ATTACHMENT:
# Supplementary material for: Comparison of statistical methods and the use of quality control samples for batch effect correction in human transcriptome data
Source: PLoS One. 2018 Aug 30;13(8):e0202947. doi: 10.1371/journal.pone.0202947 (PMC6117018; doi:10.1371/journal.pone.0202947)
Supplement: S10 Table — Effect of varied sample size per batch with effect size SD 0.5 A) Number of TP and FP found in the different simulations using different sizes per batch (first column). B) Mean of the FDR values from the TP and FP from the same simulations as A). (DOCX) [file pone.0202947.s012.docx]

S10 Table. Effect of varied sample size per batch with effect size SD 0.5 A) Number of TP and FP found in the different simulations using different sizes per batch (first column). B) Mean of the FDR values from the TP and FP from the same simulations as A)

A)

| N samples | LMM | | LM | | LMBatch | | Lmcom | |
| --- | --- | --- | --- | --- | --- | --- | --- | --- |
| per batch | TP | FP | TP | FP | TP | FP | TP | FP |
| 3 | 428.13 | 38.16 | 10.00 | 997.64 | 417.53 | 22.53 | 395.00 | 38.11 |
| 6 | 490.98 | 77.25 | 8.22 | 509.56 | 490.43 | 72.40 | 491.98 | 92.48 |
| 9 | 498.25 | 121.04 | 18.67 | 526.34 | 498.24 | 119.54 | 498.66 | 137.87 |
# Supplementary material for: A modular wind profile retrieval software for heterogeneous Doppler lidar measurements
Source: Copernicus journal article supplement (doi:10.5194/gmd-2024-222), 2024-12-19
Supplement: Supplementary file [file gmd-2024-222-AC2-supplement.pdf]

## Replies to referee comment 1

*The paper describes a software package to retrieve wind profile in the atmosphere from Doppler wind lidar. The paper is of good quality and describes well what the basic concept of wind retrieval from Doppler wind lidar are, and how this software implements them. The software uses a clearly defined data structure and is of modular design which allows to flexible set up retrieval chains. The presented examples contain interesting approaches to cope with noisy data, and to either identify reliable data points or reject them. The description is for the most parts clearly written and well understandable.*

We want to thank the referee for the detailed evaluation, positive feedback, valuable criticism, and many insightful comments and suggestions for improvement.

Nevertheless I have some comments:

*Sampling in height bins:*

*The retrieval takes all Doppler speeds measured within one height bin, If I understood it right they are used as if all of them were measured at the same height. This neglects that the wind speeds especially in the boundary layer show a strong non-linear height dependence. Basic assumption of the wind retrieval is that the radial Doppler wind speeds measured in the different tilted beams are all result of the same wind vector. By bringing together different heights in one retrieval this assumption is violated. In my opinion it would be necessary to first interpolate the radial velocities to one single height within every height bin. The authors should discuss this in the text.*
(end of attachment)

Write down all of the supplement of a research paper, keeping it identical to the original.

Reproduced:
# Supplementary material for: Comparison of statistical methods and the use of quality control samples for batch effect correction in human transcriptome data
Source: PLoS One. 2018 Aug 30;13(8):e0202947. doi: 10.1371/journal.pone.0202947 (PMC6117018; doi:10.1371/journal.pone.0202947)
Supplement: S10 Table — Effect of varied sample size per batch with effect size SD 0.5 A) Number of TP and FP found in the different simulations using different sizes per batch (first column). B) Mean of the FDR values from the TP and FP from the same simulations as A). (DOCX) [file pone.0202947.s012.docx]

S10 Table. Effect of varied sample size per batch with effect size SD 0.5 A) Number of TP and FP found in the different simulations using different sizes per batch (first column). B) Mean of the FDR values from the TP and FP from the same simulations as A)

A)

| N samples | LMM | | LM | | LMBatch | | Lmcom | |
| --- | --- | --- | --- | --- | --- | --- | --- | --- |
| per batch | TP | FP | TP | FP | TP | FP | TP | FP |
| 3 | 428.13 | 38.16 | 10.00 | 997.64 | 417.53 | 22.53 | 395.00 | 38.11 |
| 6 | 490.98 | 77.25 | 8.22 | 509.56 | 490.43 | 72.40 | 491.98 | 92.48 |
| 9 | 498.25 | 121.04 | 18.67 | 526.34 | 498.24 | 119.54 | 498.66 | 137.87 |
# Supplementary material for: A modular wind profile retrieval software for heterogeneous Doppler lidar measurements
Source: Copernicus journal article supplement (doi:10.5194/gmd-2024-222), 2024-12-19
Supplement: Supplementary file [file gmd-2024-222-AC2-supplement.pdf]

## Replies to referee comment 1

*The paper describes a software package to retrieve wind profile in the atmosphere from Doppler wind lidar. The paper is of good quality and describes well what the basic concept of wind retrieval from Doppler wind lidar are, and how this software implements them. The software uses a clearly defined data structure and is of modular design which allows to flexible set up retrieval chains. The presented examples contain interesting approaches to cope with noisy data, and to either identify reliable data points or reject them. The description is for the most parts clearly written and well understandable.*

We want to thank the referee for the detailed evaluation, positive feedback, valuable criticism, and many insightful comments and suggestions for improvement.

Nevertheless I have some comments:

*Sampling in height bins:*

*The retrieval takes all Doppler speeds measured within one height bin, If I understood it right they are used as if all of them were measured at the same height. This neglects that the wind speeds especially in the boundary layer show a strong non-linear height dependence. Basic assumption of the wind retrieval is that the radial Doppler wind speeds measured in the different tilted beams are all result of the same wind vector. By bringing together different heights in one retrieval this assumption is violated. In my opinion it would be necessary to first interpolate the radial velocities to one single height within every height bin. The authors should discuss this in the text.*